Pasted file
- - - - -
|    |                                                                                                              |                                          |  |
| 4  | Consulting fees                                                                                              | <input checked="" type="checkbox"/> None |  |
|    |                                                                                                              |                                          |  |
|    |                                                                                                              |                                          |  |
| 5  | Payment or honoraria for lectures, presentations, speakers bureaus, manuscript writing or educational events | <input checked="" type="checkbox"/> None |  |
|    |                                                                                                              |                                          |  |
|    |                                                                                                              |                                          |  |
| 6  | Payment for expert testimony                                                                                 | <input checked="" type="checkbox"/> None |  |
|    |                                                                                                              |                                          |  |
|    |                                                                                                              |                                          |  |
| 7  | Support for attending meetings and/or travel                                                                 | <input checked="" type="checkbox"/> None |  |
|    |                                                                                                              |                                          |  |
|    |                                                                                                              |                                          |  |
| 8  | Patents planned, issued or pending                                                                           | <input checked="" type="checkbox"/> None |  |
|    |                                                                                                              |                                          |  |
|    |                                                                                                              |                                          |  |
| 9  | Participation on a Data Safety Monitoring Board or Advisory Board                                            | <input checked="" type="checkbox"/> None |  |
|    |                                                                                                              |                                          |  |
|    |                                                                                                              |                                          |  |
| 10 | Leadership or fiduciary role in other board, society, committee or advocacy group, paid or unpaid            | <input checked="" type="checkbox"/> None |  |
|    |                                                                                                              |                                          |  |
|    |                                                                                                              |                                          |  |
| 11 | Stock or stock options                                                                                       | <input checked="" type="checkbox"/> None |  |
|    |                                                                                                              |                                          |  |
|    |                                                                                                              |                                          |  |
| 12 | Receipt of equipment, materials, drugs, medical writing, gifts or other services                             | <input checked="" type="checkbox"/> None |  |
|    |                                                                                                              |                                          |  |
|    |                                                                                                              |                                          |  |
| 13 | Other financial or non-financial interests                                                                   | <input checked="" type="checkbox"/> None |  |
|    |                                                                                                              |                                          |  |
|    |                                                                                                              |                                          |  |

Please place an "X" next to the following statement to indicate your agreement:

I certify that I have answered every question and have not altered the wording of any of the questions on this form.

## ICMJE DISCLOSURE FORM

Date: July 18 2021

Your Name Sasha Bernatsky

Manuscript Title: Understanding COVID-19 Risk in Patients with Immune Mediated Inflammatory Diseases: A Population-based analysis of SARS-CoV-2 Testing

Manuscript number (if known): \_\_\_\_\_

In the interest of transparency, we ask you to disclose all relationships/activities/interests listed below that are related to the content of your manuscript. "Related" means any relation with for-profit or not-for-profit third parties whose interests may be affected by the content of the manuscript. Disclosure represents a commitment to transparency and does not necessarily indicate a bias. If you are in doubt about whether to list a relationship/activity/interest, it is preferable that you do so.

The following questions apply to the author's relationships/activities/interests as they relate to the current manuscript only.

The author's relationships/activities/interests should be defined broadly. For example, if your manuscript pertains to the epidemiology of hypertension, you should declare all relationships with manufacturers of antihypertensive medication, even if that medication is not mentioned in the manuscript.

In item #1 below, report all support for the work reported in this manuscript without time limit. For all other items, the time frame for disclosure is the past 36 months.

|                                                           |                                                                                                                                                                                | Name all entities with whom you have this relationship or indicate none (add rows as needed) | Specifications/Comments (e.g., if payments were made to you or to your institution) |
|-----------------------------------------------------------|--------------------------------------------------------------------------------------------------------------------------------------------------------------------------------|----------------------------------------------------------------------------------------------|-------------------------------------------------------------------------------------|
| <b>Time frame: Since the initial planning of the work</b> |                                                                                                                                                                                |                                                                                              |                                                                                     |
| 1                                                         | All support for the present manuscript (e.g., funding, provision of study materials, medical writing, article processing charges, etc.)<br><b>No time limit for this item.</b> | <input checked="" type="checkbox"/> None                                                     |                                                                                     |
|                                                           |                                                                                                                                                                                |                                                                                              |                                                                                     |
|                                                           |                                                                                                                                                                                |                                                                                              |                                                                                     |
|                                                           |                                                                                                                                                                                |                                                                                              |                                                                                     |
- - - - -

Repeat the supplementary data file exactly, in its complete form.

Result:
|    |                                                                                                              |                                          |  |
| 4  | Consulting fees                                                                                              | <input checked="" type="checkbox"/> None |  |
|    |                                                                                                              |                                          |  |
|    |                                                                                                              |                                          |  |
| 5  | Payment or honoraria for lectures, presentations, speakers bureaus, manuscript writing or educational events | <input checked="" type="checkbox"/> None |  |
|    |                                                                                                              |                                          |  |
|    |                                                                                                              |                                          |  |
| 6  | Payment for expert testimony                                                                                 | <input checked="" type="checkbox"/> None |  |
|    |                                                                                                              |                                          |  |
|    |                                                                                                              |                                          |  |
| 7  | Support for attending meetings and/or travel                                                                 | <input checked="" type="checkbox"/> None |  |
|    |                                                                                                              |                                          |  |
|    |                                                                                                              |                                          |  |
| 8  | Patents planned, issued or pending                                                                           | <input checked="" type="checkbox"/> None |  |
|    |                                                                                                              |                                          |  |
|    |                                                                                                              |                                          |  |
| 9  | Participation on a Data Safety Monitoring Board or Advisory Board                                            | <input checked="" type="checkbox"/> None |  |
|    |                                                                                                              |                                          |  |
|    |                                                                                                              |                                          |  |
| 10 | Leadership or fiduciary role in other board, society, committee or advocacy group, paid or unpaid            | <input checked="" type="checkbox"/> None |  |
|    |                                                                                                              |                                          |  |
|    |                                                                                                              |                                          |  |
| 11 | Stock or stock options                                                                                       | <input checked="" type="checkbox"/> None |  |
|    |                                                                                                              |                                          |  |
|    |                                                                                                              |                                          |  |
| 12 | Receipt of equipment, materials, drugs, medical writing, gifts or other services                             | <input checked="" type="checkbox"/> None |  |
|    |                                                                                                              |                                          |  |
|    |                                                                                                              |                                          |  |
| 13 | Other financial or non-financial interests                                                                   | <input checked="" type="checkbox"/> None |  |
|    |                                                                                                              |                                          |  |
|    |                                                                                                              |                                          |  |

Please place an "X" next to the following statement to indicate your agreement:

I certify that I have answered every question and have not altered the wording of any of the questions on this form.

## ICMJE DISCLOSURE FORM

Date: July 18 2021

Your Name Sasha Bernatsky

Manuscript Title: Understanding COVID-19 Risk in Patients with Immune Mediated Inflammatory Diseases: A Population-based analysis of SARS-CoV-2 Testing

Manuscript number (if known): \_\_\_\_\_

In the interest of transparency, we ask you to disclose all relationships/activities/interests listed below that are related to the content of your manuscript. "Related" means any relation with for-profit or not-for-profit third parties whose interests may be affected by the content of the manuscript. Disclosure represents a commitment to transparency and does not necessarily indicate a bias. If you are in doubt about whether to list a relationship/activity/interest, it is preferable that you do so.

The following questions apply to the author's relationships/activities/interests as they relate to the current manuscript only.

The author's relationships/activities/interests should be defined broadly. For example, if your manuscript pertains to the epidemiology of hypertension, you should declare all relationships with manufacturers of antihypertensive medication, even if that medication is not mentioned in the manuscript.

In item #1 below, report all support for the work reported in this manuscript without time limit. For all other items, the time frame for disclosure is the past 36 months.

|                                                           |                                                                                                                                                                                | Name all entities with whom you have this relationship or indicate none (add rows as needed) | Specifications/Comments (e.g., if payments were made to you or to your institution) |
|-----------------------------------------------------------|--------------------------------------------------------------------------------------------------------------------------------------------------------------------------------|----------------------------------------------------------------------------------------------|-------------------------------------------------------------------------------------|
| <b>Time frame: Since the initial planning of the work</b> |                                                                                                                                                                                |                                                                                              |                                                                                     |
| 1                                                         | All support for the present manuscript (e.g., funding, provision of study materials, medical writing, article processing charges, etc.)<br><b>No time limit for this item.</b> | <input checked="" type="checkbox"/> None                                                     |                                                                                     |
|                                                           |                                                                                                                                                                                |                                                                                              |                                                                                     |
|                                                           |                                                                                                                                                                                |                                                                                              |                                                                                     |
|                                                           |                                                                                                                                                                                |                                                                                              |                                                                                     |